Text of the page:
implementation.
   * In state PLAYING, lack of encoded audio
data that can be streamed wellness information from the server. Average Frame Size
represents client.(This
     information could be either RTCP or be requested by the typical size (in bytes) server by
     other means)

The REDIRECT message, when sent, is effective immediately. If a similar
change of location occurs at a frame. This family
does not support non byte-aligned frames.

Maximum Frame Size: Size certain time in bytes of the largest frame. For
constant bit rate codecs, future, this value is the same as the Average
Frame Size.

 Samples Per Frame: Number of samples of audio data encoded in
each frame. This family does not support variable duration frames.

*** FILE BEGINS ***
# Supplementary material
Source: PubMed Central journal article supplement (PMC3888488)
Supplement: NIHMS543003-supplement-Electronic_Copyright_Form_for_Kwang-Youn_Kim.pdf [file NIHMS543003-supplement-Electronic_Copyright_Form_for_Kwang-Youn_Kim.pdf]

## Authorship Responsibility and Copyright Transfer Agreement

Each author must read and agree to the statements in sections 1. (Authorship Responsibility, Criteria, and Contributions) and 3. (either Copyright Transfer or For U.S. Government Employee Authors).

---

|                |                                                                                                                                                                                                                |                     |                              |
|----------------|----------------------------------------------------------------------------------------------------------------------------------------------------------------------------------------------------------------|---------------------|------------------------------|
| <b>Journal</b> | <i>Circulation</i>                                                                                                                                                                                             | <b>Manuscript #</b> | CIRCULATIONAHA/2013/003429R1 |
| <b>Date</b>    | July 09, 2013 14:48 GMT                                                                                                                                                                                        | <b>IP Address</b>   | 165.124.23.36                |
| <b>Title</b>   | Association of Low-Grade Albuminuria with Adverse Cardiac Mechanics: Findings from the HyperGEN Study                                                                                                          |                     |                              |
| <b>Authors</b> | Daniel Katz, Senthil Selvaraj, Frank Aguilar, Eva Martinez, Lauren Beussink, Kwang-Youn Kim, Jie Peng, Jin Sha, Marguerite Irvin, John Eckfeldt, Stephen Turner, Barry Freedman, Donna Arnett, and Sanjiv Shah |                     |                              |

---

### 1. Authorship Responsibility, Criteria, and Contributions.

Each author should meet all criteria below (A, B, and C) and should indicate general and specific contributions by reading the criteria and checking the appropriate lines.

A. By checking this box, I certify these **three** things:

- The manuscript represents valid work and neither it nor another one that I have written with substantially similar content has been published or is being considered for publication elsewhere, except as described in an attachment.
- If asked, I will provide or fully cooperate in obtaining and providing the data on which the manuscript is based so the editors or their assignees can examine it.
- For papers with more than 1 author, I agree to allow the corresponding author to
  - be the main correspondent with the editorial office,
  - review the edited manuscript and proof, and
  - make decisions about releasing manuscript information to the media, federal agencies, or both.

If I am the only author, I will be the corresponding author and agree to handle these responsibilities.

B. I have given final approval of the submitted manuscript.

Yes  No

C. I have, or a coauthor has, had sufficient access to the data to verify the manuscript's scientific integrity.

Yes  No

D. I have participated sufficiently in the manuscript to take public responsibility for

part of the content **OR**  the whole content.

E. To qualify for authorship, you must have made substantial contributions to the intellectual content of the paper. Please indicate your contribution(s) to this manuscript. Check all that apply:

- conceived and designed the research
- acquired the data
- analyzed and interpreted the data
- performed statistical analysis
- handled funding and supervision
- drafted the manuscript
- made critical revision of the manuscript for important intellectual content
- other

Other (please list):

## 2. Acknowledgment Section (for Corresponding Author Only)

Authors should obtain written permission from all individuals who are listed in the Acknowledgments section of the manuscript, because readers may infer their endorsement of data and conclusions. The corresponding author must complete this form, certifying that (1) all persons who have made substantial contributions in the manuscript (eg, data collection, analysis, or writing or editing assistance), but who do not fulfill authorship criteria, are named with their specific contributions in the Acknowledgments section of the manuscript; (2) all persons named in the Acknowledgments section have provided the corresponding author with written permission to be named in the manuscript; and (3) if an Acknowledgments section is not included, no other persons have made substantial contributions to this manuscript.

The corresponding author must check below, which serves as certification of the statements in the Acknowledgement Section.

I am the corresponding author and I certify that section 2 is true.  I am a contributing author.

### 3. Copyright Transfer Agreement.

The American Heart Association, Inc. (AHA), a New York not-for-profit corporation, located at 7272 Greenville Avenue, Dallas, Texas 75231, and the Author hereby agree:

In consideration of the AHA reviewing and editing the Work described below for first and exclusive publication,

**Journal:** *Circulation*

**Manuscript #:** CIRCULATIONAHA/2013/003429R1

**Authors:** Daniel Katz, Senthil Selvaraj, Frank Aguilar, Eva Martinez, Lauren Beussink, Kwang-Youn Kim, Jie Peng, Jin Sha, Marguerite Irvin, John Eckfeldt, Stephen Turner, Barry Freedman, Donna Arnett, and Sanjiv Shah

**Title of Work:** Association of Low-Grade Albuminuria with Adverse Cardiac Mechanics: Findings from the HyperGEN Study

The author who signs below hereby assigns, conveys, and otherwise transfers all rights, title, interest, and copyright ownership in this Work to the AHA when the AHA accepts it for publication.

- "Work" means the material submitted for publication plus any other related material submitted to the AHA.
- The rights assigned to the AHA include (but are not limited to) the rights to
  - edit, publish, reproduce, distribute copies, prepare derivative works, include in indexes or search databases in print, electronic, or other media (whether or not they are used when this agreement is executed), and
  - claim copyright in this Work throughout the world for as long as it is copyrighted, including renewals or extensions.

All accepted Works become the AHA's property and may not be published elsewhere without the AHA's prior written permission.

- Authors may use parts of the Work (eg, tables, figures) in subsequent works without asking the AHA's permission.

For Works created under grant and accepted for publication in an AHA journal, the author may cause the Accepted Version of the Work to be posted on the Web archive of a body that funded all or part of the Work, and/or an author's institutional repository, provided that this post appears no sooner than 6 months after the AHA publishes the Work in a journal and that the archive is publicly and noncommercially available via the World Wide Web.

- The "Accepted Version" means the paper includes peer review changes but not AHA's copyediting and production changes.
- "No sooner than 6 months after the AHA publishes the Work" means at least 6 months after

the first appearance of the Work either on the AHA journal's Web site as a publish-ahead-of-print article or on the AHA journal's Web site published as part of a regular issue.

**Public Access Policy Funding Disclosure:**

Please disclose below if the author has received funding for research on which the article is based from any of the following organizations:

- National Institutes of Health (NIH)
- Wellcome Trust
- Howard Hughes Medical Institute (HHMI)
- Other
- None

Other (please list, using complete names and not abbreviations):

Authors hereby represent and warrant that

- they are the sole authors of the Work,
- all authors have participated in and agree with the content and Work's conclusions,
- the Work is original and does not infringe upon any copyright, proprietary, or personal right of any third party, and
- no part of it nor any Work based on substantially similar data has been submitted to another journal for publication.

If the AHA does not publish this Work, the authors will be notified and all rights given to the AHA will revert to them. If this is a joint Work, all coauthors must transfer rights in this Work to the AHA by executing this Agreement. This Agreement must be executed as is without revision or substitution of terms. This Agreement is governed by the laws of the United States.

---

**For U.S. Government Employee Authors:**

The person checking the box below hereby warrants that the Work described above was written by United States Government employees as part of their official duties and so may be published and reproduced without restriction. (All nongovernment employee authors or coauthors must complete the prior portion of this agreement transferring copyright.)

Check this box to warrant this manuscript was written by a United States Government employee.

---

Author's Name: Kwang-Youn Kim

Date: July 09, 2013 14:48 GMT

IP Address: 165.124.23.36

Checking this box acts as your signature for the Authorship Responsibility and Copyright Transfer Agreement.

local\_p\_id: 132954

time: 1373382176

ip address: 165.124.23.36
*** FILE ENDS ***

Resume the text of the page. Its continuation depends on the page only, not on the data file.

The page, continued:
P: If P is not set, then the audio data is planar and the client
has the option assumed
to request data packets of size which are
multiples of the average frame size. If P is set, the stream is
packetized (usually for variable bit rate data and live feeds),
then the size of the data packet is defined be indicated by frame size and
frames per packet (described below).

Frames Per Packet: For packetized formats, this represents the
number of frames in every data packet. session description. For planar formats, purposes of this table, a
REDIRECT is considered an unsuccessful GET.

A server MUST disregard messages with a hint to the client regarding sequence number less than the server preference.

Extra Bytes: This specifies last
one. If no message has been received, the first received message's sequence
number of bytes of codec specific
data that follow will be the fixed header.

Number of Frames: Total number of frames starting point.

SETUP is valid in the audio stream. For
non-seekable streams (e.g. live feeds), this states INIT and READY only. An error message should be set to
zero.

6.4 APPENDIX D - RTSP - Audio (Family ID =1 ) : Annotations
(Parameter=2)